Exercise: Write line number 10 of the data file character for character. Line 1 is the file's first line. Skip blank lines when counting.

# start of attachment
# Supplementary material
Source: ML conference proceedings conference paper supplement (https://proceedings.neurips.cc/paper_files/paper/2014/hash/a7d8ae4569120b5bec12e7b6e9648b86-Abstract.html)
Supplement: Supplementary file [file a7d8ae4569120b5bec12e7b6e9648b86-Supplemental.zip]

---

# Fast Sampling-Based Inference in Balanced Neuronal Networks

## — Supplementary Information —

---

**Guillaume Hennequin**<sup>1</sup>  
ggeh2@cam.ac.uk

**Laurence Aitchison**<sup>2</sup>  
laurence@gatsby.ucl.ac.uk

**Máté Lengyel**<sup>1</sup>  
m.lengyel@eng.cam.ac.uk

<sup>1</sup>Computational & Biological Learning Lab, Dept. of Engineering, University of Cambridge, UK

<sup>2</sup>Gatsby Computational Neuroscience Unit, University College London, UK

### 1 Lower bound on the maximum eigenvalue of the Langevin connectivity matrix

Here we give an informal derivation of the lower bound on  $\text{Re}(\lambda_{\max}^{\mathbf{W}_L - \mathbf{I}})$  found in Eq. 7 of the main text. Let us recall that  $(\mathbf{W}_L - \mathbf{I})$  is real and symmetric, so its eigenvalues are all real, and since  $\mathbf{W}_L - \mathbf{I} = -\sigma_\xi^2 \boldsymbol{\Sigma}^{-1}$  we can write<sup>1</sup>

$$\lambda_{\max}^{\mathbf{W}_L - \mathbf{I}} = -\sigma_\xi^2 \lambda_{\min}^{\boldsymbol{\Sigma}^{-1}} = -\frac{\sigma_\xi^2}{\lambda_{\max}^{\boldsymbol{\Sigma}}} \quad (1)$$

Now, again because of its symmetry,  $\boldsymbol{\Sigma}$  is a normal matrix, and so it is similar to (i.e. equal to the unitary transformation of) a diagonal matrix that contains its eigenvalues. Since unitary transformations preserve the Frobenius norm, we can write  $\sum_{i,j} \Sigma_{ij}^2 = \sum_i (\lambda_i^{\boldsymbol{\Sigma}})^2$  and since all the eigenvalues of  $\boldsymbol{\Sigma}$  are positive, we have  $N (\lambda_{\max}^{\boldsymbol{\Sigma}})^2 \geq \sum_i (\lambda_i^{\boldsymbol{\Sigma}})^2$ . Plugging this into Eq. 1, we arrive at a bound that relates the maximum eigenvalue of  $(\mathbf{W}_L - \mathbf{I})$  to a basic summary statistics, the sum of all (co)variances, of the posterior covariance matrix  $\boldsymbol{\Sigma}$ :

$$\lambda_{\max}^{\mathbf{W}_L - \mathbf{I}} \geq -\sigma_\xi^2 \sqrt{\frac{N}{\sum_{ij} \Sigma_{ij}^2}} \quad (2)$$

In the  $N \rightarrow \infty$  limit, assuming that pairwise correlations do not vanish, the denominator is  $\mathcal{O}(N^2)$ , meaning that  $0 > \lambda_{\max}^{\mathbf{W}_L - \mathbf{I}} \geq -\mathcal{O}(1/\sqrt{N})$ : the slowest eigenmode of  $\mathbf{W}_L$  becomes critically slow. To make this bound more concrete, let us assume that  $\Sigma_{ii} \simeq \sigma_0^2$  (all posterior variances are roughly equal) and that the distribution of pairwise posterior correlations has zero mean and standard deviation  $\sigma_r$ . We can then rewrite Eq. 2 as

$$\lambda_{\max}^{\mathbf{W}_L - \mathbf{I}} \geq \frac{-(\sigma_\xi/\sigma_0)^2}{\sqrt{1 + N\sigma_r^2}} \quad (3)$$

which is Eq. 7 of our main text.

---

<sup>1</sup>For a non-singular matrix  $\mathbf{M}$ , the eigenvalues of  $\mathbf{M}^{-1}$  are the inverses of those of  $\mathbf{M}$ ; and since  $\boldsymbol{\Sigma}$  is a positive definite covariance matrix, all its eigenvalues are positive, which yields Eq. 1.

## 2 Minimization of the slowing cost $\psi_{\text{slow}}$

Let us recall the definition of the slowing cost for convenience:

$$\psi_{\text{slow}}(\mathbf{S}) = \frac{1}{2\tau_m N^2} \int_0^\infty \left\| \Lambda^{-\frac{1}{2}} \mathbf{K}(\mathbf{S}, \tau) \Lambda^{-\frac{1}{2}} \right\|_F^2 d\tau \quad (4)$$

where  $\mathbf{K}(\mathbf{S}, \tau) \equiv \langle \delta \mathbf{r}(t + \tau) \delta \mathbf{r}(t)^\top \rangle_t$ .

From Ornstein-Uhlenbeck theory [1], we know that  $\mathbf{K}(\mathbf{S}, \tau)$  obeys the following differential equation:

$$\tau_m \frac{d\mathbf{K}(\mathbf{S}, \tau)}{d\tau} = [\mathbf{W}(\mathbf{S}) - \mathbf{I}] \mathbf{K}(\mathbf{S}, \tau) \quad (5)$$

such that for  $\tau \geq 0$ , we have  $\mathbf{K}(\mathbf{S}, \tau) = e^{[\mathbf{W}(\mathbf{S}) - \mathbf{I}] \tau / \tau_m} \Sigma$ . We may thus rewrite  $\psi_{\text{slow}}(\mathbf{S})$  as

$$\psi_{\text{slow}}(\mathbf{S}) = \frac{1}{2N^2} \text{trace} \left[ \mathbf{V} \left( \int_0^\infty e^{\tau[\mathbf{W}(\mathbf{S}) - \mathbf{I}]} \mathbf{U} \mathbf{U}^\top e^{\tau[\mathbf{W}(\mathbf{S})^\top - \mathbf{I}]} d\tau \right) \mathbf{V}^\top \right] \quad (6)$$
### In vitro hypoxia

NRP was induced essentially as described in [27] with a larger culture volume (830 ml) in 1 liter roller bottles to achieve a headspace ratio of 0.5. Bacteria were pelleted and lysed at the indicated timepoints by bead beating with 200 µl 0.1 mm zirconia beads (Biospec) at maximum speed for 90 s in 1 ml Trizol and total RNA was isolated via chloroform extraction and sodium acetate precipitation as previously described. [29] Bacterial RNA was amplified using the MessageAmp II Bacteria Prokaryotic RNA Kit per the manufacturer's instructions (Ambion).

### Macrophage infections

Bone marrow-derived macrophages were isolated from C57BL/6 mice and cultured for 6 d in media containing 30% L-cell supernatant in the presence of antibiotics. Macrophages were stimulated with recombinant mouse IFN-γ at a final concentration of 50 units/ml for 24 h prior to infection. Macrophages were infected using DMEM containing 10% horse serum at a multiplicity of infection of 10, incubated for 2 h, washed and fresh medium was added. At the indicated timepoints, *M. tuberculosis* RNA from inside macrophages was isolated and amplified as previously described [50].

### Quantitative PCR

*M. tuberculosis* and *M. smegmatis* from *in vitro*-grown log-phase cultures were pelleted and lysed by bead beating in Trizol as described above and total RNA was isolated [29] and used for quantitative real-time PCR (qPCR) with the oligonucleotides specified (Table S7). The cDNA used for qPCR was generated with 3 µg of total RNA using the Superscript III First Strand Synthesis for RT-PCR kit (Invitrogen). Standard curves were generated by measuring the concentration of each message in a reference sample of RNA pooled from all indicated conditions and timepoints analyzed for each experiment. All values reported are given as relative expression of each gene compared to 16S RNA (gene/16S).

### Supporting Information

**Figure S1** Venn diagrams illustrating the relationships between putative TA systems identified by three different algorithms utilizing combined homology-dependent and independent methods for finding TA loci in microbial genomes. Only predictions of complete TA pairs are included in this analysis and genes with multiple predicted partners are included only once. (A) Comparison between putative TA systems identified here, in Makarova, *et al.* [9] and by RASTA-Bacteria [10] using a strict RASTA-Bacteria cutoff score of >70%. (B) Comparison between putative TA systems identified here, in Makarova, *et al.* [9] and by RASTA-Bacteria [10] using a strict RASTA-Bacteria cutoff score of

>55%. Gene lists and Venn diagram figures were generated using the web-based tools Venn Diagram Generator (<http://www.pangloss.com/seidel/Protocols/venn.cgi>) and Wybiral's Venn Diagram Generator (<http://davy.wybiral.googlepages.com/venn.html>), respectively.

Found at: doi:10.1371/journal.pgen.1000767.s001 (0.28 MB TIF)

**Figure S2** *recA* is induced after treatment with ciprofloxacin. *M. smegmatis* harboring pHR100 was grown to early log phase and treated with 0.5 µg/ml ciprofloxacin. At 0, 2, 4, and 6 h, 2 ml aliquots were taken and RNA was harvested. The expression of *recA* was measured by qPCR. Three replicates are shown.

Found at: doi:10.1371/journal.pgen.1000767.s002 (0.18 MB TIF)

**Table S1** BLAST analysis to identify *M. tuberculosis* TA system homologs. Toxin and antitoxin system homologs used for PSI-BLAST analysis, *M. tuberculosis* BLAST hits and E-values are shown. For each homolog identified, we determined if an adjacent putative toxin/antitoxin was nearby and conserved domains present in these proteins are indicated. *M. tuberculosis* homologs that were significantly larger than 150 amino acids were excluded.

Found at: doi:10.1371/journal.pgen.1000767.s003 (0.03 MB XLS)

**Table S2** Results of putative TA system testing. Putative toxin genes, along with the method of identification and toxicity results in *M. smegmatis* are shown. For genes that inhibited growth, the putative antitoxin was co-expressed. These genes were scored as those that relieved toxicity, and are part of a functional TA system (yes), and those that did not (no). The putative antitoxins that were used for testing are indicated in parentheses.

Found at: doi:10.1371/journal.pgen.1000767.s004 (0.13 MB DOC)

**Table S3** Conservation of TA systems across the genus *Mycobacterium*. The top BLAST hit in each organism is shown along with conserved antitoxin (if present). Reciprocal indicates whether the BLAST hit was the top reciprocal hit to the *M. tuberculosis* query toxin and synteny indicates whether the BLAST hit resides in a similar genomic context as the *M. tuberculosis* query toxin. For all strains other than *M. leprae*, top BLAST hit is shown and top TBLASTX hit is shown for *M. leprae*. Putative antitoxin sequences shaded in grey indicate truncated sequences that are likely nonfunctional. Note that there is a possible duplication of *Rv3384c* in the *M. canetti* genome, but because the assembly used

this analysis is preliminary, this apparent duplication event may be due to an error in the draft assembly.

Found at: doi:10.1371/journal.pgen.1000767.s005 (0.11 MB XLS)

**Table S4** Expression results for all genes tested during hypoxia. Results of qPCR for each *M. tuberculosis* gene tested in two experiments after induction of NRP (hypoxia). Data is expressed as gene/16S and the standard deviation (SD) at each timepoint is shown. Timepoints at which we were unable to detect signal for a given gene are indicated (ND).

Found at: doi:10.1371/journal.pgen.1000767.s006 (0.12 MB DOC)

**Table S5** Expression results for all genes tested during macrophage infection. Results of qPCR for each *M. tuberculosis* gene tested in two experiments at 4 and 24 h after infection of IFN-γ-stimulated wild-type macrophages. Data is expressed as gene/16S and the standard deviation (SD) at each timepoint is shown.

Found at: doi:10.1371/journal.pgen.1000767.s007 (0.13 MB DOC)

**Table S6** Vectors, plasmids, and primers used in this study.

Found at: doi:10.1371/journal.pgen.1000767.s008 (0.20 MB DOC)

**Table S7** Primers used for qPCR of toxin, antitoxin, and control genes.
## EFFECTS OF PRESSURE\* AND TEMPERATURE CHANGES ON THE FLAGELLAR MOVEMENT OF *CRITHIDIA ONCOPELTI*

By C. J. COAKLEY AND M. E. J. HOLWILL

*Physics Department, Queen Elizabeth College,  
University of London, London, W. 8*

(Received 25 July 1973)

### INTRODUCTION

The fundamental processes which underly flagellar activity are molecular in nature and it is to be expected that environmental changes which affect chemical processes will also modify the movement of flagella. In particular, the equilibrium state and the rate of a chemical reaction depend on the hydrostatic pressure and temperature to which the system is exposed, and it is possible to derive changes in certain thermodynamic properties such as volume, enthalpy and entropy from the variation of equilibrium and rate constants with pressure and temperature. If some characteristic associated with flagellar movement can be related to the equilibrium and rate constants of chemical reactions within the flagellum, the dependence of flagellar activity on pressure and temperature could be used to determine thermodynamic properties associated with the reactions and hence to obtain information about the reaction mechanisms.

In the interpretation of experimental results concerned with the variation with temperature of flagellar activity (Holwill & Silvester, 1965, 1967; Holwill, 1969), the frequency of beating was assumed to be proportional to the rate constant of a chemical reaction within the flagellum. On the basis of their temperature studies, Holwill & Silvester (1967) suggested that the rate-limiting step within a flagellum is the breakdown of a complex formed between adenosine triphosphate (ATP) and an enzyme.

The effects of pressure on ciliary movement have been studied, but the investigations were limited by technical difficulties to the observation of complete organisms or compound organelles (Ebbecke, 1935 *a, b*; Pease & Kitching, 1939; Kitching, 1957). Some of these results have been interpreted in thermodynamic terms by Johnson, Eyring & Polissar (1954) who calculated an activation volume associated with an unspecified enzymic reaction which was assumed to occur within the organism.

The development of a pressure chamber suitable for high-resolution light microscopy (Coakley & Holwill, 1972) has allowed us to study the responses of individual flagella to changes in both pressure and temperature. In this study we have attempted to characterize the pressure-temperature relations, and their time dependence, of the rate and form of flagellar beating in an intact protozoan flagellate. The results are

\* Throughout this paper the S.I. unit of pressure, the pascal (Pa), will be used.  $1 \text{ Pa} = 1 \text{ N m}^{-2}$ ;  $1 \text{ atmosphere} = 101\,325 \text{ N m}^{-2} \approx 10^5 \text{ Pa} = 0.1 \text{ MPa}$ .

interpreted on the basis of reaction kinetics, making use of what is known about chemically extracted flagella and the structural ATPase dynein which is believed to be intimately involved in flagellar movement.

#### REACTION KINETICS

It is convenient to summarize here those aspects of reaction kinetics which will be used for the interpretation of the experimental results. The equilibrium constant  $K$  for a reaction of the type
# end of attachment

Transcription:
**Laurence Aitchison**<sup>2</sup>  